Continue reading “Controversy, Part 1: Am I Black or White?”
(Featured Image: Our co-conspirators, circa 1982.)
Over the weekend, I made another appearance on Darren Husted’s Prince: Track by Track podcast, discussing a song that Darren hates and I honestly kinda love: “Cloreen Bacon Skin,” the longest and quite possibly least consequential single track in Prince’s entire officially-released oeuvre. Listen to my spirited, albeit slightly sheepish defense, which goes on for just over the length of the song itself, at the link below:
I’m still hoping to get another proper post out by the end of the week, but it’s gonna be a long one, so apologies in advance if it doesn’t make it until next week. I’ll do my best to make it worth the wait!
(Featured Image: One of Callie’s rad stickers for Dystopian Dance Party 1.)
As you may or may not know, Dystopian Dance Party is the other, more irreverent project I do with my sister Callie. We recently launched a physical magazine, the first issue of which is dedicated to art and writing inspired by the music of Prince. On this episode of the DDP podcast, Callie and I are joined by our friend Erika Peterson to talk about her work for the magazine–an exhaustive guide to the 3 Chains O’ Gold film–the most absurd/surreal moments of Celebration 2018, and our ongoing beef with Questlove. It’s definitely a bit looser and sillier than the average d / m / s / r podcast, but if you enjoy my other stuff, you should enjoy it:
For those of you who haven’t picked up the magazine yet, we’re also offering the opportunity to get it for free, along with a set of rewards otherwise exclusively made available to our Kickstarter backers. All you have to do is follow Dystopian Dance Party on Twitter, Facebook, Instagram, and/or Tumblr, and share a link to this episode with us tagged so we know you did it. Toward the end of May, we’ll choose one or two people to receive a free copy of the magazine, a sheet of custom-designed stickers, three buttons, and a poster of the cover art by Callie. None of this stuff is available anywhere else, so take advantage of this chance to get your hands on it!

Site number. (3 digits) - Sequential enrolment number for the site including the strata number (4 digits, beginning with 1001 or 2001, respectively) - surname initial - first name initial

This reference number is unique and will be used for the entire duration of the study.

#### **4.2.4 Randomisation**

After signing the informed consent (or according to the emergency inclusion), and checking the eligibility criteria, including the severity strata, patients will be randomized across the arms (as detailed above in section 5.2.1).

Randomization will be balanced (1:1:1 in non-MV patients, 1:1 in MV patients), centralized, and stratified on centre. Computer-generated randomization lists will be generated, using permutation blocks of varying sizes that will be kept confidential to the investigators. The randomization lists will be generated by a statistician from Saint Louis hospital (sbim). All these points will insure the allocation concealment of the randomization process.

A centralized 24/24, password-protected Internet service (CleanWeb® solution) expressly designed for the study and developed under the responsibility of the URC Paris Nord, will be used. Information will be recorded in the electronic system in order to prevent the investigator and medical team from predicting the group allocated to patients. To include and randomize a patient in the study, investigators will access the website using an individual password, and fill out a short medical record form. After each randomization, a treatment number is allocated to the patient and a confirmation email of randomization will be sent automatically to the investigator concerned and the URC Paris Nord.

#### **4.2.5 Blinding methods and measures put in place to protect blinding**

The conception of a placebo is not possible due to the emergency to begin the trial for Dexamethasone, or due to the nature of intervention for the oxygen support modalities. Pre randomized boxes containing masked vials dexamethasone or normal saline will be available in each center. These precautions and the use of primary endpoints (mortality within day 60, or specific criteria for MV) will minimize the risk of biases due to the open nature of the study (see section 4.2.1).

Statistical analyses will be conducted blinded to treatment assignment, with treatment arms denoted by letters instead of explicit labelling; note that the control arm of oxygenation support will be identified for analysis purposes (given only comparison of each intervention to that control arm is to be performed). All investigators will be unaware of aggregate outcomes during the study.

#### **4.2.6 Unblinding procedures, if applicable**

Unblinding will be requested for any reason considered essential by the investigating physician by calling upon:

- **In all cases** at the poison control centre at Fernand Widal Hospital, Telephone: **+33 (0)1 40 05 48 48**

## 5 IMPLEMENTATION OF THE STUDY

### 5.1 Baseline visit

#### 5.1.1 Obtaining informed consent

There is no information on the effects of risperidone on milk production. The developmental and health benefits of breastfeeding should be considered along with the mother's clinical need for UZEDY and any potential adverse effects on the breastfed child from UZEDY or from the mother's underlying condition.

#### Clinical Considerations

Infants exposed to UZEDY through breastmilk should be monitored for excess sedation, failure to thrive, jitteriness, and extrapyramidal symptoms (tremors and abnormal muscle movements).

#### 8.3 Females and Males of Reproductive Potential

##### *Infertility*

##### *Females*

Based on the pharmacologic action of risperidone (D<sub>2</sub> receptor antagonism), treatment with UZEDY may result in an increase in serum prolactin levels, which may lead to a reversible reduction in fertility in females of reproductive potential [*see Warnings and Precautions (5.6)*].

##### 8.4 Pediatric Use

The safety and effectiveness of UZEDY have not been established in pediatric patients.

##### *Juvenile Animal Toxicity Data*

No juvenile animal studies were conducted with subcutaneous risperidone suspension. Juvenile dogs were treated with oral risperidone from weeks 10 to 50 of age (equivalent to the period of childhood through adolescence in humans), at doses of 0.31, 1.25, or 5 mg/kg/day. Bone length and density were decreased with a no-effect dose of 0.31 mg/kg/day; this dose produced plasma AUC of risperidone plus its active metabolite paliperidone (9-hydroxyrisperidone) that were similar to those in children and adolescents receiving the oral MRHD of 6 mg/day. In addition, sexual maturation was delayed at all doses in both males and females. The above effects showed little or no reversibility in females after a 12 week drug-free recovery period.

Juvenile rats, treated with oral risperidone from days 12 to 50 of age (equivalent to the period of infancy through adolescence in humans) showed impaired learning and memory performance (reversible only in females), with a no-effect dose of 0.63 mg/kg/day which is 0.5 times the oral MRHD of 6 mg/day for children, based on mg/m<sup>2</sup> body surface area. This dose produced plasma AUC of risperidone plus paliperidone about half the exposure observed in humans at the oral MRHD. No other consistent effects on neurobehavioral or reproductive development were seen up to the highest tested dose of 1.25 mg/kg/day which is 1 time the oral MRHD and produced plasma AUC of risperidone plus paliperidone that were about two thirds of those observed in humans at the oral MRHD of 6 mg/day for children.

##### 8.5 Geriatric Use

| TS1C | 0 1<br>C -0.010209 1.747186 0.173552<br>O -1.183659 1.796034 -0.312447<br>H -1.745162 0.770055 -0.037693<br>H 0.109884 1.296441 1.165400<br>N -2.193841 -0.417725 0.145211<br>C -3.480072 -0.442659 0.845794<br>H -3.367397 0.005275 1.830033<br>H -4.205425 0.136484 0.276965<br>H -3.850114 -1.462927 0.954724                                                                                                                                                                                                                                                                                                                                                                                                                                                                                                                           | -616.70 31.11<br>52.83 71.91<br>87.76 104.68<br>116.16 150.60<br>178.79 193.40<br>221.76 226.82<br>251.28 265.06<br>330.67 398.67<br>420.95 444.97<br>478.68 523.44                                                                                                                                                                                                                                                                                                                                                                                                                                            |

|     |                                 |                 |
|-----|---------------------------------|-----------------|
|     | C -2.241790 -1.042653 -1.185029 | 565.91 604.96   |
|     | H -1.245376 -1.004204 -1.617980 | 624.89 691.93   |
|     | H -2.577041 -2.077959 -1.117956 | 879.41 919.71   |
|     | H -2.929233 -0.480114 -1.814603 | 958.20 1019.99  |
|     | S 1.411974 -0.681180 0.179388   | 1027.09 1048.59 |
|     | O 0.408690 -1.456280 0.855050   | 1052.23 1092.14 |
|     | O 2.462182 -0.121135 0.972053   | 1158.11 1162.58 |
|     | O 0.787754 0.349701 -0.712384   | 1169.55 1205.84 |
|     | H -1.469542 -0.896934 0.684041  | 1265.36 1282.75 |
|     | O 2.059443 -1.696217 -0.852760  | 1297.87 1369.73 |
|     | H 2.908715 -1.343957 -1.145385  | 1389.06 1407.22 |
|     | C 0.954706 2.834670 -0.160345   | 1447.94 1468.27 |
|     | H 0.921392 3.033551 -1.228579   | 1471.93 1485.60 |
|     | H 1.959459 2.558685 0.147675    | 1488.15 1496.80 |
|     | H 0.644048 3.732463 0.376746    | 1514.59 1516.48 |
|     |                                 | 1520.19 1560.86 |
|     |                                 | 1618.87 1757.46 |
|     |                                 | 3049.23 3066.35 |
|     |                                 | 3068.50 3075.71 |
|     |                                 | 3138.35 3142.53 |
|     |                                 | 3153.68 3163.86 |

And if you can’t get enough of Erika, remember that she also recently appeared on our friend KaNisa’s excellent Muse 2 the Pharaoh podcast. Take a listen if you haven’t already:
Finally, an update on my next post for d / m / s / r. I had been planning to get something out by the end of the week, but I decided to make some changes which resulted in a delay: basically, I was writing separate posts on “The Stick” and “Cool,” but I decided to combine the two and just write a longer post on “Cool” that also touches on “The Stick” (and “After Hi School,” in case anybody was waiting for that). I fully expect to have this post out next week–which means that we’re finally going to be done with the Time’s first album! After that, we’ll turn to another 1981 outtake, and then back to Controversy. I also have plans for a few podcasts in the pipeline, so there’s plenty to look forward to!